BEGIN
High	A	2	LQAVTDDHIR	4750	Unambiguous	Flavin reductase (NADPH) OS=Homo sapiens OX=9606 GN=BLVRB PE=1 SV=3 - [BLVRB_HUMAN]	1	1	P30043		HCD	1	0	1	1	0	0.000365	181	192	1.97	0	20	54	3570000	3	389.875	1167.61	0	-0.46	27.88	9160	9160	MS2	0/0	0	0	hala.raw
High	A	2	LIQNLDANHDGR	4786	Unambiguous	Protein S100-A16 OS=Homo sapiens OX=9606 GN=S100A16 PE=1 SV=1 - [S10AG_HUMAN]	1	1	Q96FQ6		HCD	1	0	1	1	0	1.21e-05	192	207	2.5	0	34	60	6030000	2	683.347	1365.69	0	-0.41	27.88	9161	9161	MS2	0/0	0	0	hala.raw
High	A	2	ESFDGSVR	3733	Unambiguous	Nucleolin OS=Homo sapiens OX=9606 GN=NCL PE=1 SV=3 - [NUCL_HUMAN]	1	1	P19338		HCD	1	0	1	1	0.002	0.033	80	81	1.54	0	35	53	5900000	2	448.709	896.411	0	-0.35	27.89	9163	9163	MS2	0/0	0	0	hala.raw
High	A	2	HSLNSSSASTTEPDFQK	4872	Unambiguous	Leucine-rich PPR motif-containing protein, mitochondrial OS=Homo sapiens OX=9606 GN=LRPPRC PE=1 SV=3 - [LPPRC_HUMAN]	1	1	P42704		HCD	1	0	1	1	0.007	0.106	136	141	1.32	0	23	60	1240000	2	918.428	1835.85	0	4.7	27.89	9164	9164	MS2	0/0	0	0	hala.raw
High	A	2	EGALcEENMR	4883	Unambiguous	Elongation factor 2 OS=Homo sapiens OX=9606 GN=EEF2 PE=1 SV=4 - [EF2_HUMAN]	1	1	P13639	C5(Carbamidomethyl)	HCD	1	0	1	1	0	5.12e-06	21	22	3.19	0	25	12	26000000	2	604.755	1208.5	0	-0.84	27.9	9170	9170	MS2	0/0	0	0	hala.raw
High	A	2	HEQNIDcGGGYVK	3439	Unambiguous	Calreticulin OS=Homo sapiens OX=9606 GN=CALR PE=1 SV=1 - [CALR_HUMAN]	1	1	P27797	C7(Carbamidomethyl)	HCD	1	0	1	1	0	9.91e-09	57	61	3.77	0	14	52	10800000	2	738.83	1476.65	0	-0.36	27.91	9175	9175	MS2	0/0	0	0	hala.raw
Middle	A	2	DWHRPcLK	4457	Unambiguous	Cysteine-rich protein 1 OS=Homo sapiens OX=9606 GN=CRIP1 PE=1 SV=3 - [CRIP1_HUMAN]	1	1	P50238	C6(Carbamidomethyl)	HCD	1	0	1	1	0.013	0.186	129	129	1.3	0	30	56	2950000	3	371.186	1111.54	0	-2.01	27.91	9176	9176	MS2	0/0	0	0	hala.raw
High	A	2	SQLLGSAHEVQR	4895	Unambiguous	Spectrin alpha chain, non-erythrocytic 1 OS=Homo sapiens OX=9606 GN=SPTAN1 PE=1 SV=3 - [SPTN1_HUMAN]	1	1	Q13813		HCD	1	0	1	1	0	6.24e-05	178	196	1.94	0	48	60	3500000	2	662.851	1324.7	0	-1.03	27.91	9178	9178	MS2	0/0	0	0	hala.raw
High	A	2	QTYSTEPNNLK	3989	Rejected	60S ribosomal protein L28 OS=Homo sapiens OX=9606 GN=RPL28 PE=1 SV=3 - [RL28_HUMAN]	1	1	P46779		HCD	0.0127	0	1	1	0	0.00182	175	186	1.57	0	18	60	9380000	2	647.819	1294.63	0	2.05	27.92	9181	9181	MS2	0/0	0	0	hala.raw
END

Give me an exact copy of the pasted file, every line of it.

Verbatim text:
High	A	2	LQAVTDDHIR	4750	Unambiguous	Flavin reductase (NADPH) OS=Homo sapiens OX=9606 GN=BLVRB PE=1 SV=3 - [BLVRB_HUMAN]	1	1	P30043		HCD	1	0	1	1	0	0.000365	181	192	1.97	0	20	54	3570000	3	389.875	1167.61	0	-0.46	27.88	9160	9160	MS2	0/0	0	0	hala.raw
High	A	2	LIQNLDANHDGR	4786	Unambiguous	Protein S100-A16 OS=Homo sapiens OX=9606 GN=S100A16 PE=1 SV=1 - [S10AG_HUMAN]	1	1	Q96FQ6		HCD	1	0	1	1	0	1.21e-05	192	207	2.5	0	34	60	6030000	2	683.347	1365.69	0	-0.41	27.88	9161	9161	MS2	0/0	0	0	hala.raw
High	A	2	ESFDGSVR	3733	Unambiguous	Nucleolin OS=Homo sapiens OX=9606 GN=NCL PE=1 SV=3 - [NUCL_HUMAN]	1	1	P19338		HCD	1	0	1	1	0.002	0.033	80	81	1.54	0	35	53	5900000	2	448.709	896.411	0	-0.35	27.89	9163	9163	MS2	0/0	0	0	hala.raw
High	A	2	HSLNSSSASTTEPDFQK	4872	Unambiguous	Leucine-rich PPR motif-containing protein, mitochondrial OS=Homo sapiens OX=9606 GN=LRPPRC PE=1 SV=3 - [LPPRC_HUMAN]	1	1	P42704		HCD	1	0	1	1	0.007	0.106	136	141	1.32	0	23	60	1240000	2	918.428	1835.85	0	4.7	27.89	9164	9164	MS2	0/0	0	0	hala.raw
High	A	2	EGALcEENMR	4883	Unambiguous	Elongation factor 2 OS=Homo sapiens OX=9606 GN=EEF2 PE=1 SV=4 - [EF2_HUMAN]	1	1	P13639	C5(Carbamidomethyl)	HCD	1	0	1	1	0	5.12e-06	21	22	3.19	0	25	12	26000000	2	604.755	1208.5	0	-0.84	27.9	9170	9170	MS2	0/0	0	0	hala.raw
High	A	2	HEQNIDcGGGYVK	3439	Unambiguous	Calreticulin OS=Homo sapiens OX=9606 GN=CALR PE=1 SV=1 - [CALR_HUMAN]	1	1	P27797	C7(Carbamidomethyl)	HCD	1	0	1	1	0	9.91e-09	57	61	3.77	0	14	52	10800000	2	738.83	1476.65	0	-0.36	27.91	9175	9175	MS2	0/0	0	0	hala.raw
Middle	A	2	DWHRPcLK	4457	Unambiguous	Cysteine-rich protein 1 OS=Homo sapiens OX=9606 GN=CRIP1 PE=1 SV=3 - [CRIP1_HUMAN]	1	1	P50238	C6(Carbamidomethyl)	HCD	1	0	1	1	0.013	0.186	129	129	1.3	0	30	56	2950000	3	371.186	1111.54	0	-2.01	27.91	9176	9176	MS2	0/0	0	0	hala.raw
High	A	2	SQLLGSAHEVQR	4895	Unambiguous	Spectrin alpha chain, non-erythrocytic 1 OS=Homo sapiens OX=9606 GN=SPTAN1 PE=1 SV=3 - [SPTN1_HUMAN]	1	1	Q13813		HCD	1	0	1	1	0	6.24e-05	178	196	1.94	0	48	60	3500000	2	662.851	1324.7	0	-1.03	27.91	9178	9178	MS2	0/0	0	0	hala.raw
High	A	2	QTYSTEPNNLK	3989	Rejected	60S ribosomal protein L28 OS=Homo sapiens OX=9606 GN=RPL28 PE=1 SV=3 - [RL28_HUMAN]	1	1	P46779		HCD	0.0127	0	1	1	0	0.00182	175	186	1.57	0	18	60	9380000	2	647.819	1294.63	0	2.05	27.92	9181	9181	MS2	0/0	0	0	hala.raw